Earlier this month, the Obama administration announced it would impose tariffs of up to 35 percent over the next three years on Chinese tires for cars and light trucks, in order to boost the tire industry in the United States.
The tariffs infuriated China, which responded by lodging a formal complaint with the World Trade Organization. It threatened to retaliate against American auto products, and sellers of chicken as well.
While trade issues did not come up in the remarks by the two presidents after their meeting, President Hu did acknowledge "sensitive issues" between the two nations.
"The Chinese side is willing to work with the United States to keep our bilateral relationship firmly along the right course and deepen our pragmatic cooperation in a wide range of areas," Hu said. "The Chinese side is also willing to work with the United States to properly handle sensitive issues to ensure that our relationship will continue to grow on a sound and steady course."
Obama said he is committed to pursuing "a genuinely cooperative and comprehensive relationship with China" and wants to make the relationship "more dynamic and effective."
A senior administration official providing a readout on the bilateral meeting said the Chinese remain concerned about the tariff issue. The official said Obama noted that the two countries have differences on this issue and told Hu that despite the tariff decision, the United States remains firmly committed to free trade and resisting protectionism.
Both sides emphasized the importance of "close consultations" in order to "attempt to manage potential trade disputes" in the future.
The Obama administration's decision to impose the tariffs came after a determination by the U.S. International Trade Commission, an independent government agency, that inexpensive Chinese tires were disrupting the U.S. market and costing the United States jobs.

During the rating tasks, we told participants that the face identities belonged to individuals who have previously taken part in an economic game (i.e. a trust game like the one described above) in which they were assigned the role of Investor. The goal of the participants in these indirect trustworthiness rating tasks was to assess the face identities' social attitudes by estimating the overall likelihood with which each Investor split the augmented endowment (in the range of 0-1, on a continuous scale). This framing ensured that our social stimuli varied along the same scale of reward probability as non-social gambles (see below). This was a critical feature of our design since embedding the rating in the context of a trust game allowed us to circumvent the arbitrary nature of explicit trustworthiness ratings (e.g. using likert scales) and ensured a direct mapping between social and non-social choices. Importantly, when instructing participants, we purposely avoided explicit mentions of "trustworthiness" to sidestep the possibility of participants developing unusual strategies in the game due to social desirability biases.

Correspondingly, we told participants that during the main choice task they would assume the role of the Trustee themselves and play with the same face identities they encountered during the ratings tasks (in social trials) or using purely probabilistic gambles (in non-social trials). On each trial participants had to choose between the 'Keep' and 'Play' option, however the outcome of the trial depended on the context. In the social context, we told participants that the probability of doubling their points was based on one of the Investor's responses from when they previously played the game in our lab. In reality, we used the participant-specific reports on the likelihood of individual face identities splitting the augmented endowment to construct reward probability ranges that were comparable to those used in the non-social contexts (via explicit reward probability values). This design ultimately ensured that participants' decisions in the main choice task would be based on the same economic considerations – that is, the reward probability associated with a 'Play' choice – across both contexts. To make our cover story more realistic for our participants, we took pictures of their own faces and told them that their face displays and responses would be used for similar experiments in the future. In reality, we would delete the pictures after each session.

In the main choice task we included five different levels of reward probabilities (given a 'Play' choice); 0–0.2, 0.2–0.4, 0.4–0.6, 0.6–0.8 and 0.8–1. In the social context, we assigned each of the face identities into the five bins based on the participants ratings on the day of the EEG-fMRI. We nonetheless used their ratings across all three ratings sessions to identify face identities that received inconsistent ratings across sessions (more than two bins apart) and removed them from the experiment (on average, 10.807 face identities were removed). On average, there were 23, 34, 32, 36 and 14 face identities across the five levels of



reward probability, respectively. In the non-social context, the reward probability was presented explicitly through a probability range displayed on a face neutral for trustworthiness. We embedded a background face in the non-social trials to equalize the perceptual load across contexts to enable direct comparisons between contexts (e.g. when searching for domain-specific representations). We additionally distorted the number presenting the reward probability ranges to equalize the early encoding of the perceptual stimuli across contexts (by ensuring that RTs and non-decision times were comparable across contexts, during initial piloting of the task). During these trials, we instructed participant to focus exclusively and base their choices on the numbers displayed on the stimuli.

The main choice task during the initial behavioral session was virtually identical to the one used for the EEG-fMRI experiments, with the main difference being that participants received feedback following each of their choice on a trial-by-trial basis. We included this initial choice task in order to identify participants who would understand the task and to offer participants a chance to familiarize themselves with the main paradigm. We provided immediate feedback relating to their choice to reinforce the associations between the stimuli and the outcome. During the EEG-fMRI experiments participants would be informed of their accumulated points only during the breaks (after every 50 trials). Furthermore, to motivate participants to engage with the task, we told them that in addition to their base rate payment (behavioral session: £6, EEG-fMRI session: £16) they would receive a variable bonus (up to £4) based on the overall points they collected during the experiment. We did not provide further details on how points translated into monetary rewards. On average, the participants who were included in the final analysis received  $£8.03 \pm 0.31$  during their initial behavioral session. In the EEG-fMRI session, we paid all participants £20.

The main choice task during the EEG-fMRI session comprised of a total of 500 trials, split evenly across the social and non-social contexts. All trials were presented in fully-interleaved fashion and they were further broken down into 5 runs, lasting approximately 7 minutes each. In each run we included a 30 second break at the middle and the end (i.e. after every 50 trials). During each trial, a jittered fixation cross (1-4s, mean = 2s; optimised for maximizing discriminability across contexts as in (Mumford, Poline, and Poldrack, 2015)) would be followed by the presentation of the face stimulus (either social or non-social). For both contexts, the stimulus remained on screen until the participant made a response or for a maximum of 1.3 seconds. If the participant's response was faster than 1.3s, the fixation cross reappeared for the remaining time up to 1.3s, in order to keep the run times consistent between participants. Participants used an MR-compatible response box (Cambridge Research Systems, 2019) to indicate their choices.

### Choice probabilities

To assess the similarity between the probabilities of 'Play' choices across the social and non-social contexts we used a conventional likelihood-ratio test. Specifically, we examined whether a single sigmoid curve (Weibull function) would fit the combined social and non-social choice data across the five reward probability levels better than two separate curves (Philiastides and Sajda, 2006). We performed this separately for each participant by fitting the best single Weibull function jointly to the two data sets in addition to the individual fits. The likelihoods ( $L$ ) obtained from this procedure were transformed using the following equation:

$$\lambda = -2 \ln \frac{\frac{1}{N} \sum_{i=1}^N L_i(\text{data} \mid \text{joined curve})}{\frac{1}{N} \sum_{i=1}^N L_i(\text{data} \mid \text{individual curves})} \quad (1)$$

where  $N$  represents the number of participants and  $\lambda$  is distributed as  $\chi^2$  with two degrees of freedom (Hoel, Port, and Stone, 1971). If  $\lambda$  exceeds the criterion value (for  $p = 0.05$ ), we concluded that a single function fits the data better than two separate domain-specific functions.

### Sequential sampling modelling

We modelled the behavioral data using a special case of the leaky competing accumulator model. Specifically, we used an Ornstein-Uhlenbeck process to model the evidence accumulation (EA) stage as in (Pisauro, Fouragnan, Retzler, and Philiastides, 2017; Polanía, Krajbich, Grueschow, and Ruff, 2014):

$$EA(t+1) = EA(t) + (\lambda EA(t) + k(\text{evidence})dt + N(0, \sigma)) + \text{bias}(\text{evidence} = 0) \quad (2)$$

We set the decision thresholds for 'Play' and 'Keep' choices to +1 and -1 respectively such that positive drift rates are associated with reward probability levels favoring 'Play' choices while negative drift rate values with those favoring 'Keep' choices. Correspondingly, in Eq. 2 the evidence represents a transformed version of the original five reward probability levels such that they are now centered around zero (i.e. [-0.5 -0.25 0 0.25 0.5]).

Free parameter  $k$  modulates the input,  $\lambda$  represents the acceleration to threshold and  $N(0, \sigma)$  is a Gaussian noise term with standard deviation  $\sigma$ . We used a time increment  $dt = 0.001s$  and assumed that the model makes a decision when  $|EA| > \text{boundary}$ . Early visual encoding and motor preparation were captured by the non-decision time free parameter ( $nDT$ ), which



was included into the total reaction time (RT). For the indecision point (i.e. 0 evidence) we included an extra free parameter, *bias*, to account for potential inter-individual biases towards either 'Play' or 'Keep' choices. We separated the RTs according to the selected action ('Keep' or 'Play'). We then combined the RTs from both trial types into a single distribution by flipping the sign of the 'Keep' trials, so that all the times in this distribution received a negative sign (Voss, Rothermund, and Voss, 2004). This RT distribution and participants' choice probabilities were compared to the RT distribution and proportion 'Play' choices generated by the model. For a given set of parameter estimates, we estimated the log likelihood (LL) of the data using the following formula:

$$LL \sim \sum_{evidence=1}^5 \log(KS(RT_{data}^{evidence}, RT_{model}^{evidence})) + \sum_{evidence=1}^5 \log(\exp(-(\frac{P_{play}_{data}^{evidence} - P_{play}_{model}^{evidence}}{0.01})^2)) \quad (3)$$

U.S. imports of Chinese tires have nearly quadrupled since 2004, from $453.3 million to $1.8 billion in 2008, and their share of the U.S. market rose to nearly 17 percent.
According to the Office of the U.S. Trade Representative, in that same period, annual U.S. tire production capacity fell by 17.8 percent.
U.S. Trade Representative Ron Kirk said in a statement that the tariff was "designed to level the playing field for American workers in the tire market."
"These remedies are a necessary response to the harm done to U.S. workers and businesses, designed to achieve the objective of curbing what the ITC determined was a harmful surge of Chinese tires into the U.S. market," Kirk said.
Some analysts said the tariff decision could hurt the U.S.-China relationship and open the Obama administration up to charges of protectionism on the eve of the global economic summit in Pittsburgh.
China is the United States' second-largest trading partner, and the U.S. trade deficit with China reached a record $268 billion in 2008. As of the end of July, China held $800 billion of U.S. government debt, the largest foreign holdings of U.S. government assets held by any country.
While analysts said the trade disputes between the U.S. and China will continue, it is not likely to blow up into a full-fledged trade war, given the strategic economic relationship the two nations have.
"Both sides have too much at stake here," said Eswar Prasad, senior fellow and new century chairman in international economics at the Brookings Institution. "The relationship is especially important for China, because they need exports and the United States is a very important export market. China sends about one-fifth of its exports to the United States."
Playing to Labor Unions?
Domestic politics are also at play here. Analysts said the decision on Chinese tires was aimed at labor unions, whose support Obama needs in his push for health care reform and other domestic agenda items. Unions have been pushing the White House to help them.
The White House announced the decision just days before the president addressed the AFL-CIO annual convention, ahead of a Sept. 17 deadline to take action on the ITC recommendation.
When China became a member of the World Trade Organization in 2001, it agreed to a clause (the so-called 421 clause) that said other WTO members could impose relief on Chinese goods if imports caused market disruptions and threatened domestic producers.
The tire tariffs would take effect on imports entering the United States on or after Sept. 26.
Obama Tries to Ease U.S.-China Economic Tensions